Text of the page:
These catalytic metal components can be deposited on the layered support in any suitable manner known in the art. One method involves impregnating the layered composition or support with a solution (usually aqueous, although organic solvents can be used) of a decomposable compound of the catalytic metal or metals. By decomposable is meant that upon heating the metal compound is converted to the metal or metal oxide with the release of byproducts. Examples of the compounds which can be used include without limitation chlorides, other halides, nitrates, nitrites, hydroxides, oxides, oxalates, acetates, sulfates and amines. Illustrative examples of decomposable compounds of the platinum group metals are chloroplatinic acid, ammonium chloroplatinate, bromoplatinic acid, dinitrodiamino platinum, sodium tetranitroplatinate, rhodium trichoride, hexaamminerhodium chloride, rhodium carbonylchloride, sodium hexanitrorhodate, chloropalladic acid, palladium chloride, palladium nitrate, diamminepalladium hydroxide, tetraamminepalladium chloride, hexachloroiridate (IV) acid, hexachloroiridate (III) acid, ammonium hexachloroiridate (III), ammonium aquohexachloroiridate (IV), ruthenium tetrachloride, hexachlororuthenate, hexaammineruthenium chloride, osmium trichloride and ammonium osmium chloride. Examples of other palladium compounds include but are not limited to Na2PdCl4, Pd(NH3)4(NO2)2, Pd(NH3)4(OH)2, Pd(NH3)4(NO3)2, Pd(NH3)4(OAc)2, Pd(NH3)2(OAc)2, Pd(OAc)2 in KOH and/or NMe4OH and/or NaOH, Pd(NH3)4(HCO3)2 and palladium oxalate. Examples of gold and silver compounds include but are not limited to AuCl3, HAuCl4, NaAuCl4, KAuO2, NaAuO2, NMe4AuO2, Au(OAc)3, HAu(NO3)4, AgNO3, AgC2H3O2 and AgClO3. Solubility modifiers may be utilized to aid in solubilizing the decomposable compound of the catalytic metal or metals. For example, acids or bases may be used to facilitate the catalytic compound going into solution. In one embodiment, KOH and/or NMe4OH is used in combination with Au(OAc)3 or nitric acid is used with HAu(NO3)4.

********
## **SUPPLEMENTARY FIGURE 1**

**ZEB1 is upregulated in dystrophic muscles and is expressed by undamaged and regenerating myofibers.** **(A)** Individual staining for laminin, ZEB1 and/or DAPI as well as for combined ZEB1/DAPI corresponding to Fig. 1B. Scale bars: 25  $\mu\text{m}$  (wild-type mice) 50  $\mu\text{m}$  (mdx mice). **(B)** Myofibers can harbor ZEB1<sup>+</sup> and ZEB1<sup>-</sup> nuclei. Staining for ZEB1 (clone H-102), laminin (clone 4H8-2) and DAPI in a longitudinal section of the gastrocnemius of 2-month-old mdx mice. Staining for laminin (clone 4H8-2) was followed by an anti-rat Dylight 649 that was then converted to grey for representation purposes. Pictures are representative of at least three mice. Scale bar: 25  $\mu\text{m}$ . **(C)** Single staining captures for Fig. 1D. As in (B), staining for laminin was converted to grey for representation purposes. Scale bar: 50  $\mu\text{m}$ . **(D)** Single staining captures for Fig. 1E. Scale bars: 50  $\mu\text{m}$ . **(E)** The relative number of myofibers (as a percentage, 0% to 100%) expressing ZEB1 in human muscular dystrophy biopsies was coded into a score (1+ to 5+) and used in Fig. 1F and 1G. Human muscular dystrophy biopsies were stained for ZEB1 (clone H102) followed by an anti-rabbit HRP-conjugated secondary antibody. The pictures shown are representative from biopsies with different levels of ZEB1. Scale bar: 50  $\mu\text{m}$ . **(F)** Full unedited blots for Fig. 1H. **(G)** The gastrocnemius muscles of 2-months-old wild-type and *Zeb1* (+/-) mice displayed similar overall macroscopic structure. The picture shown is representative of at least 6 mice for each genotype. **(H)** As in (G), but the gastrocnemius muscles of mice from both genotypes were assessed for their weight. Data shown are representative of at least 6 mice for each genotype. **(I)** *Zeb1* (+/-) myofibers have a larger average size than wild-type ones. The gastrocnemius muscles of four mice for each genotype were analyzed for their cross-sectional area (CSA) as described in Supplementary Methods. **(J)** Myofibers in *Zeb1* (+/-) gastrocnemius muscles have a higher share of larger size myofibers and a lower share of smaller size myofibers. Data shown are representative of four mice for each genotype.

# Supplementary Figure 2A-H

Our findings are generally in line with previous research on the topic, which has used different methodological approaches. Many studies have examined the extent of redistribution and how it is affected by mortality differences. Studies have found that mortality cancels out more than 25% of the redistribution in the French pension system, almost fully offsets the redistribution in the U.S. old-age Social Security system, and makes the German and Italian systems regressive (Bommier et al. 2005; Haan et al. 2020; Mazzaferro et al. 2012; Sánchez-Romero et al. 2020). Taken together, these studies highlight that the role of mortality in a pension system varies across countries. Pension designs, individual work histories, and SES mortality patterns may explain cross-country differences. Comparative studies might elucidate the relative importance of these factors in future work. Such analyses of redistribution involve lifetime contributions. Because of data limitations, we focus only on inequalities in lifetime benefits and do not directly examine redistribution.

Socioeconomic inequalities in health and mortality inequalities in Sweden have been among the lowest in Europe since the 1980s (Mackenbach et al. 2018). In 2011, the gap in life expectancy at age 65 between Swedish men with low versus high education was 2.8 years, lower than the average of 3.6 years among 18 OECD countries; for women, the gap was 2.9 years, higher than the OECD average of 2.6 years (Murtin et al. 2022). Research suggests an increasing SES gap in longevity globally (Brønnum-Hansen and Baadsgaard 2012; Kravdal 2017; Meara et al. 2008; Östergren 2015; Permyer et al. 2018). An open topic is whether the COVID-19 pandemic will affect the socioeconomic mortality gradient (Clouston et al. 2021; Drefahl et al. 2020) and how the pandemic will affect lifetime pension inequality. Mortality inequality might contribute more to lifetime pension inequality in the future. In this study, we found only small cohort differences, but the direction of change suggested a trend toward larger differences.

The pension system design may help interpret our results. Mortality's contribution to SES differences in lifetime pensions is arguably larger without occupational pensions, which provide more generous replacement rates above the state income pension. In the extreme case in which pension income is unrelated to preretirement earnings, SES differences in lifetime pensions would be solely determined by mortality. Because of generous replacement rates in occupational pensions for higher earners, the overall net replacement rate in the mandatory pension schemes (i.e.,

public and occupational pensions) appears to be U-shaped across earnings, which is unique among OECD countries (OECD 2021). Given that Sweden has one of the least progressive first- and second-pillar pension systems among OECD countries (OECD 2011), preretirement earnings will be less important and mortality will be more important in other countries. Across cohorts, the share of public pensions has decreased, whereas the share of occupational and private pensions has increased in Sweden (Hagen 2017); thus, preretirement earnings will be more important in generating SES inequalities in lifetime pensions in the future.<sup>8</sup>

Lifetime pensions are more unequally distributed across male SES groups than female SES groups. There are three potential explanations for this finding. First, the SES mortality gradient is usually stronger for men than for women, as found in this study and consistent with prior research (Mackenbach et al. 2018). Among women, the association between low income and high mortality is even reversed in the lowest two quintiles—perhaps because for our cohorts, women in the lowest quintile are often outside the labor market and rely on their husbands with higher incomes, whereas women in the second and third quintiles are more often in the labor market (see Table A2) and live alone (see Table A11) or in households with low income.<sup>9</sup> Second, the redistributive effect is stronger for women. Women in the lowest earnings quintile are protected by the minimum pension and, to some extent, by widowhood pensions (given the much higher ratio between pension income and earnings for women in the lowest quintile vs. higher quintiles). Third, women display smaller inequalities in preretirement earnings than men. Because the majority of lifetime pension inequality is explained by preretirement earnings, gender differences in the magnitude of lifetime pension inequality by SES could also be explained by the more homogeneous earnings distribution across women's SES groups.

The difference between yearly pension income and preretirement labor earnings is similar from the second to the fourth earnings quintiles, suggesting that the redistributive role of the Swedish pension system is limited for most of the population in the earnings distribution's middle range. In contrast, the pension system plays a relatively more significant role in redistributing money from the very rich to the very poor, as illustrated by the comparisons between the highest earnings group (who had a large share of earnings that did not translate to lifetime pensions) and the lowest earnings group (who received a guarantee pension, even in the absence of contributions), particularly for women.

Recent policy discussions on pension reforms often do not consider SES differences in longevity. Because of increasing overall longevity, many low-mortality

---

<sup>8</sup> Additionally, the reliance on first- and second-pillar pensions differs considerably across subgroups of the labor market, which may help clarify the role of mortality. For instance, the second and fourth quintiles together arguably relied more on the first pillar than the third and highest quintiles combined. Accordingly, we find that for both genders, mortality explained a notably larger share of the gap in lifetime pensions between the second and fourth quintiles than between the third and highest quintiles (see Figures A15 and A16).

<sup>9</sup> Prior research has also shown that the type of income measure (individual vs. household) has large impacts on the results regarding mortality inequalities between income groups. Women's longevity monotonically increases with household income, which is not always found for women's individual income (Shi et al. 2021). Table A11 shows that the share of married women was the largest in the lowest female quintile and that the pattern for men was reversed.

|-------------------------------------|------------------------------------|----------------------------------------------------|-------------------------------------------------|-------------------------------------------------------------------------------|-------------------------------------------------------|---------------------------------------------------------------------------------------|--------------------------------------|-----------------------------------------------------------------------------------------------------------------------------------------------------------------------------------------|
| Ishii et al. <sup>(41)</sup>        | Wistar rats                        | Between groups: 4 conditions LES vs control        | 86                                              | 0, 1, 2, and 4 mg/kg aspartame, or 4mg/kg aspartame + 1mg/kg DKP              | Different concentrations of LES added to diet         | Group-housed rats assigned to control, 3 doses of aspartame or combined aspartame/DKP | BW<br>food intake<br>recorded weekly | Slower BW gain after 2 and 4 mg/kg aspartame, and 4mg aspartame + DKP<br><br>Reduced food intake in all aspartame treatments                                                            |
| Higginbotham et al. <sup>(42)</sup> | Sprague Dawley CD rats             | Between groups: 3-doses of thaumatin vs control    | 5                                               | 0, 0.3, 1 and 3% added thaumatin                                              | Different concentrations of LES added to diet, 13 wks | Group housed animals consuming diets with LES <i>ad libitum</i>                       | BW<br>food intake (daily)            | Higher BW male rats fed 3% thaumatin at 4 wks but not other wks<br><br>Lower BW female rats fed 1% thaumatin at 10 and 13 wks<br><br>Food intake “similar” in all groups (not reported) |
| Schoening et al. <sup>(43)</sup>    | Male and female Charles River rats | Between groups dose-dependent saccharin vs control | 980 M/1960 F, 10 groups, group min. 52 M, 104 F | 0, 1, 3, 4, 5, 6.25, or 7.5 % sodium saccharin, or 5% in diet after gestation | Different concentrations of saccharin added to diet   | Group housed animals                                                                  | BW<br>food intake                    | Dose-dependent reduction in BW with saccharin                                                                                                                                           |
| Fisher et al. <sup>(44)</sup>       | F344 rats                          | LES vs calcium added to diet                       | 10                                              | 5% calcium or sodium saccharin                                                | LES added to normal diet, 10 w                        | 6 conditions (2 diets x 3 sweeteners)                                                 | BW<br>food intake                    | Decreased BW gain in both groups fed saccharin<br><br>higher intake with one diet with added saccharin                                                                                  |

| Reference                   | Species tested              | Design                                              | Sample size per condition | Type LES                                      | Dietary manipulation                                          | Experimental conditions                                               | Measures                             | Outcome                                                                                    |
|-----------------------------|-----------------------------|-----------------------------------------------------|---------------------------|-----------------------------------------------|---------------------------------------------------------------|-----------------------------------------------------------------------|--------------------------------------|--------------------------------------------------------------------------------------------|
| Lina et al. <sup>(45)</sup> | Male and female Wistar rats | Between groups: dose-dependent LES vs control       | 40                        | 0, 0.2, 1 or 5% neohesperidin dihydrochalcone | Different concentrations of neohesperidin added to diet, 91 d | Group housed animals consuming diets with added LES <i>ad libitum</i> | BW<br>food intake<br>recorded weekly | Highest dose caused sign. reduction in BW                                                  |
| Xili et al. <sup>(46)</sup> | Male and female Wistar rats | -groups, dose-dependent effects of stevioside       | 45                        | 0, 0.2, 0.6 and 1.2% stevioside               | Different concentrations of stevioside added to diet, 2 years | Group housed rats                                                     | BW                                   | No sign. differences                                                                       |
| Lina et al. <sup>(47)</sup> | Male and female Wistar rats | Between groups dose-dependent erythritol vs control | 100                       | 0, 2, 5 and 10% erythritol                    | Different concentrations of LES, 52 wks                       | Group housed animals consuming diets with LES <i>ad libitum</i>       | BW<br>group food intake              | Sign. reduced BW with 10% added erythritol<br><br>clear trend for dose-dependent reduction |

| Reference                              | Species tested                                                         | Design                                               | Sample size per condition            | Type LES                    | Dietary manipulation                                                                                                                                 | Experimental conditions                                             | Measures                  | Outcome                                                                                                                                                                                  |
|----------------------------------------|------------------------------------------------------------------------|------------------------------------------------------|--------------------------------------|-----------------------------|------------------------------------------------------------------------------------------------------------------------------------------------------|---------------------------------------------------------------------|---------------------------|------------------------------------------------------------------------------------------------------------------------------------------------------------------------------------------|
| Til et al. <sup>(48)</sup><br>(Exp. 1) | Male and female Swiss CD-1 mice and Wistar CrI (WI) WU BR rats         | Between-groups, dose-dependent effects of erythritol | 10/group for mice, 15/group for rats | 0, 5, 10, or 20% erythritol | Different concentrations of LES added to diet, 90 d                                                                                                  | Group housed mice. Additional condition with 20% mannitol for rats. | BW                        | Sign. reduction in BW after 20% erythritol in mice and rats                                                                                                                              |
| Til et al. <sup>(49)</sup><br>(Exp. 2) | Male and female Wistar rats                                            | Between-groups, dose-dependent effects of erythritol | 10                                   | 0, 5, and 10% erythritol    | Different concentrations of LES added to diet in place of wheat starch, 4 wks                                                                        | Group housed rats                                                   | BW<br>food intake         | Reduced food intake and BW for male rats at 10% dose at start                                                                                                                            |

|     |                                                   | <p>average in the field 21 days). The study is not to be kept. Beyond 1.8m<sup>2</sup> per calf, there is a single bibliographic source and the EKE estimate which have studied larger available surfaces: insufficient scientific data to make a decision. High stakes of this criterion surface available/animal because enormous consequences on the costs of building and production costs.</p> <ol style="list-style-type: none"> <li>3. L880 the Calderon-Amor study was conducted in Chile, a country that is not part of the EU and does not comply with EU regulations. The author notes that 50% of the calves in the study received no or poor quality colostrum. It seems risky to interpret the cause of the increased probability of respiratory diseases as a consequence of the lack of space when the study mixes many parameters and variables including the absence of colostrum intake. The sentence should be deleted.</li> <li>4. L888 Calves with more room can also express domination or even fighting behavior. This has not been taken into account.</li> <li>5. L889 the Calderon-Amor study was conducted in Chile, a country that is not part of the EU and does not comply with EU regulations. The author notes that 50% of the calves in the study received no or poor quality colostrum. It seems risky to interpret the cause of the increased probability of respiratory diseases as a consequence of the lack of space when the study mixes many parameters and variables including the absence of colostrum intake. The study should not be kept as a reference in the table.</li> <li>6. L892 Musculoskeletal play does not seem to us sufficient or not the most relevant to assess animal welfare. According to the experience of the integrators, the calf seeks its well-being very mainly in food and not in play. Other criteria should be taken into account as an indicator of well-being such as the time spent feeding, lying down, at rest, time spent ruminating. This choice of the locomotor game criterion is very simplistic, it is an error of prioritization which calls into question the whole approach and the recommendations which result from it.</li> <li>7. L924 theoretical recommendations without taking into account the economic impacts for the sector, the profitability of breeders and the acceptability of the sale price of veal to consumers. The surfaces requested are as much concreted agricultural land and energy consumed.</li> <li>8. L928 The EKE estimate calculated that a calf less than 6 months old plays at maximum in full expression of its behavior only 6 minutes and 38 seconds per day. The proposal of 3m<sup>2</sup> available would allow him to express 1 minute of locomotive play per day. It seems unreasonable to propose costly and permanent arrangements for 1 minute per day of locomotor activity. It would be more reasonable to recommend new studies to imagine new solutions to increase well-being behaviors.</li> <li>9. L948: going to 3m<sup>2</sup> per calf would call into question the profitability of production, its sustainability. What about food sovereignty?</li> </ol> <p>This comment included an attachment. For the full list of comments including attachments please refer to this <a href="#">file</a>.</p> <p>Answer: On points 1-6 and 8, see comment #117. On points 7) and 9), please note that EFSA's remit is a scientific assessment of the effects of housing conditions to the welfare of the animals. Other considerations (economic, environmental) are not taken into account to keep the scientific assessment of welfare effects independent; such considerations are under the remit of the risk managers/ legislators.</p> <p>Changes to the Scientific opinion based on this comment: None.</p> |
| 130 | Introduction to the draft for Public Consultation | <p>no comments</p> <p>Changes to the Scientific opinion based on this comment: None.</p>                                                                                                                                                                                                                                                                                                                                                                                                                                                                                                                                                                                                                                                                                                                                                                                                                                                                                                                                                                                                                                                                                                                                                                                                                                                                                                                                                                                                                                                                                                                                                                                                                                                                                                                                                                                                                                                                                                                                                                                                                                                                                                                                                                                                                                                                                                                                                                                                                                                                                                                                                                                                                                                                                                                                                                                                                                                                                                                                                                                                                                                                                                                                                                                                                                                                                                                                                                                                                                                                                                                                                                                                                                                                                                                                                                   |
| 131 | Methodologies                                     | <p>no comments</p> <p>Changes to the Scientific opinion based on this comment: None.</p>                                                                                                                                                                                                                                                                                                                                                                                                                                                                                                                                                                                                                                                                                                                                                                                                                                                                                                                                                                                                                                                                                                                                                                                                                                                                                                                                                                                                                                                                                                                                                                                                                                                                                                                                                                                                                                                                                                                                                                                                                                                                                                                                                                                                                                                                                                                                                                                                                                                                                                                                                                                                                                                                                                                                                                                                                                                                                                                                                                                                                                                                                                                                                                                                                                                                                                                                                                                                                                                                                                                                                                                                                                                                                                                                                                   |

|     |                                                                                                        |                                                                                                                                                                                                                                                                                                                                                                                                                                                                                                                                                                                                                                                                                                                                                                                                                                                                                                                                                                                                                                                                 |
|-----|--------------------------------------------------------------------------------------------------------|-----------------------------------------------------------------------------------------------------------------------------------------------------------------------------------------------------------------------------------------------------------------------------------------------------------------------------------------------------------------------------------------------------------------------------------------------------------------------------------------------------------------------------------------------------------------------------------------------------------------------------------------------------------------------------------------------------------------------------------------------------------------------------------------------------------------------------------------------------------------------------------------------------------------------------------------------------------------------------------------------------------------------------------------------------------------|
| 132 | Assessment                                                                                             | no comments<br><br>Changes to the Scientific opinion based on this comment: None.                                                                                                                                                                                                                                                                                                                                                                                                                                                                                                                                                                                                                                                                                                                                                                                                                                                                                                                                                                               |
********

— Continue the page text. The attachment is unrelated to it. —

Multiple solutions containing the catalytic compounds may be impregnated onto the layered composition or support simultaneously (e.g. co-impregnation) or sequentially and may be impregnated through the use of one or multiple solutions.
One or more calcining steps may be used, such that at any point after at least one catalytic component compound is contacted with the layered composition or refractory inorganic oxide, it may be calcined. For example, the calcining step is carried out at a temperature in the range of about 100° C. to about 700° C., preferably between about 200° C. and about 500° C. in a non-reducing atmosphere. Calcination times may vary but preferably are between about 1 and 5 hours. The degree of decomposition of the catalytic component compound depends on the temperature used and length of time the impregnated catalyst is calcined and can be followed by monitoring volatile decomposition products.
Preferably, the last calcining step occurs before contact of the gold catalytic component to a zirconia containing layered composition. Alternately, calcining of a zirconia containing support composition containing gold is conducted at temperatures below about 300° C. Exemplary protocols including a calcining step include: a) impregnating with palladium followed by calcining followed by impregnating with gold; b) co-impregnating palladium and rhodium followed by calcining followed by impregnating with gold; c) impregnating with palladium followed by calcining followed by impregnating with rhodium followed by calcining followed by impregnating with gold; or d) impregnating with palladium and rhodium, followed by impregnating with gold, followed by calcination.
One impregnation procedure involves the use of a steam-jacketed rotary dryer. The layered composition is immersed in the impregnating solution containing the desired metal compound(s) contained in the dryer and the support is tumbled therein by the rotating motion of the dryer. Evaporation of the solution in contact with the tumbling support is expedited by applying steam to the dryer jacket. The resultant composite is allowed to dry under ambient temperature conditions, or dried at a temperature of about 80° to about 110° C., followed by calcination, thereby converting the metal compound to the metal or metal oxide.